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Column: Chris Mortensen’s battle with cancer continues, as does his stellar career

Chris Mortensen, right, and ESPN colleague Adam Schefter prepare for an “NFL Live” show during the 2019 draft.
Chris Mortensen, right, and ESPN colleague Adam Schefter prepare for an “NFL Live” show during the 2019 draft.
(Allen Kee / ESPN Images)

Chris Mortensen had a bit of a scoop.

“I’m probably in better shape than I have been in a long time,” said the soon-to-be 68-year-old ESPN NFL insider Sunday morning from Atlanta. “Maybe they have plans someday to retire me, but I’m telling you I have no plans to retire.”

In his fourth year of an ongoing battle with the aftereffects of Stage IV throat cancer, as tumors continue to appear despite immunotherapy and he learns how to function with weak saliva glands and a faulty thyroid, Mortensen doesn’t take that assessment lightly.

“I truly take each day as it comes and thank the Lord for the day when I wake up — it’s a great way to live, to be honest with you — and I think my work will prove well and maybe more effective at a different level,” he added.

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As the NFL starts its 100th season, and ESPN is about to mark its 40th anniversary, Mortensen draws energy from the fact his career in journalism began at this time 50 years ago. He had just graduated from North Torrance High School, worked at the Daily Breeze newspaper office in Torrance taking high school football scores on Friday nights, and found his passion for gathering information.

A trusted ESPN fact-gatherer since 1991, Mortensen said his revised role this season — after consultation with Seth Markman, the network’s vice president for NFL studio shows — will be more of a senior editor contributing to breaking news and content on a variety of network platforms. It best suits his lifestyle and health requirements.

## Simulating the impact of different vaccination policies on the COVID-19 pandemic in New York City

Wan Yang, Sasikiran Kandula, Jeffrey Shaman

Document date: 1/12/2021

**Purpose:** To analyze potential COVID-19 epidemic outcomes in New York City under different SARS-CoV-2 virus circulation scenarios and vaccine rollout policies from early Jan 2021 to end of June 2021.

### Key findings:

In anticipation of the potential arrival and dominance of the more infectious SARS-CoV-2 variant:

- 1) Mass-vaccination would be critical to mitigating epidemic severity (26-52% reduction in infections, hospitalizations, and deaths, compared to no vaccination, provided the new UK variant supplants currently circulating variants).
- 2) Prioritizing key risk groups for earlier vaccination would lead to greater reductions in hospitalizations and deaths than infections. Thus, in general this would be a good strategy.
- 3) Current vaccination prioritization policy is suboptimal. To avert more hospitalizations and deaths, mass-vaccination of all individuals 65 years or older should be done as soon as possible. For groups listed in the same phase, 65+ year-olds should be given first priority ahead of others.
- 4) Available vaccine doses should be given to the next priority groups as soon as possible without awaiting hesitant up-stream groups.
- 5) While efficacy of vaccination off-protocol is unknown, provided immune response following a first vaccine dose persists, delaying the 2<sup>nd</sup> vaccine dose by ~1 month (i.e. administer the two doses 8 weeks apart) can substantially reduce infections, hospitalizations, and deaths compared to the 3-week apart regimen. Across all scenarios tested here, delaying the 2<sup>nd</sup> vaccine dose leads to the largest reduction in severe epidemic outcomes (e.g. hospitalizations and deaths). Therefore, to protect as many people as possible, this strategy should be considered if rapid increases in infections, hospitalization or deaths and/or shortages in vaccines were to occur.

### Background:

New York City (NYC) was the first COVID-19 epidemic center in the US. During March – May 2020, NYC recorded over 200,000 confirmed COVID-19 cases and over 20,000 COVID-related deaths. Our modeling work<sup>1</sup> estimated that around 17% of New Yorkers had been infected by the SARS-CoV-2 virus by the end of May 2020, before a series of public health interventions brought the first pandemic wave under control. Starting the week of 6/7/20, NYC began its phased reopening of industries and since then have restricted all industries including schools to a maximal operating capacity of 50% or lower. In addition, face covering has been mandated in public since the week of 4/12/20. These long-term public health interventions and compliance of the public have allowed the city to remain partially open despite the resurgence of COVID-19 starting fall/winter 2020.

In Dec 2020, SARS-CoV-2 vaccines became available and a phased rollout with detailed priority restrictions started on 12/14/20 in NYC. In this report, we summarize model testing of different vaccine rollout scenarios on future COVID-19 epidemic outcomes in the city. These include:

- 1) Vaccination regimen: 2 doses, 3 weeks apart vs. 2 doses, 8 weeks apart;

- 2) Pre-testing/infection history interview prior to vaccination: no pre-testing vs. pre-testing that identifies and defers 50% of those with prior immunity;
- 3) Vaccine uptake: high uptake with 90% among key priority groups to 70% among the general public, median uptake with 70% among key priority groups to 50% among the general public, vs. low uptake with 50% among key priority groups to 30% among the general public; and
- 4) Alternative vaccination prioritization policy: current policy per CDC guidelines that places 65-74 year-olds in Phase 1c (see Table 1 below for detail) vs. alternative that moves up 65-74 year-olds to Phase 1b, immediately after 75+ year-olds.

He won’t travel any longer to Monday night game sites, instead flying from the Bristol, Conn., studios to his home in northwest Arkansas after his on-air hits are done that day. He will collaborate with reporters such as Adam Schefter as needed, as he did this past weekend with roster cuts and trades taking place before the league opener Thursday.

Never sell Mortensen short.

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“I know I can still get a story at the same time Schefter does, but he’ll have it out there 65 seconds on Twitter before I can even start typing it,” Mortensen said.“He’s got the fastest fingers and thumbs I’ve ever see in my life.”

David Baker presents Chris Mortensen with the Dick McCann Memorial Award in 2016, when the Professional Football Writers Assn. recognized his distinguished career.
David Baker presents Chris Mortensen with the Dick McCann Memorial Award in 2016, when the Professional Football Writers Assn. recognized his distinguished career.
(Allen Kee / ESPN Images)

He also has one of his biggest supporters on the other end of a quick text.

“He’s still the soul of that place,” Schefter said of how Mortensen controls the Sunday afternoon viewing room where network employees gather to watch NFL games. “I wouldn’t be at ESPN without him, or who I am today professionally without him. He’s a trusted advisor. He’s one of the few who understand how this job works professionally. He gets it. He’s like my brother. I love him.”

A few weeks into the 2018 season, Mortensen said he trusted Schefter enough to tell him that he felt like he “was on the edge of a health cliff about to fall off.” Unable to get out of bed, Mortensen wasn’t sure whether he was experiencing a pulmonary embolism, which he had suffered in 2012. It turned out his thyroid was depleted by medication he took for the tumors in his lungs, the latest spot where his cancer had metastasized.

Mortensen quietly missed two weeks of “NFL Sunday Countdown” because of it. About a month ago, he returned to MD Anderson Cancer Center in Austin, Texas, to get scan updates. So far, so good.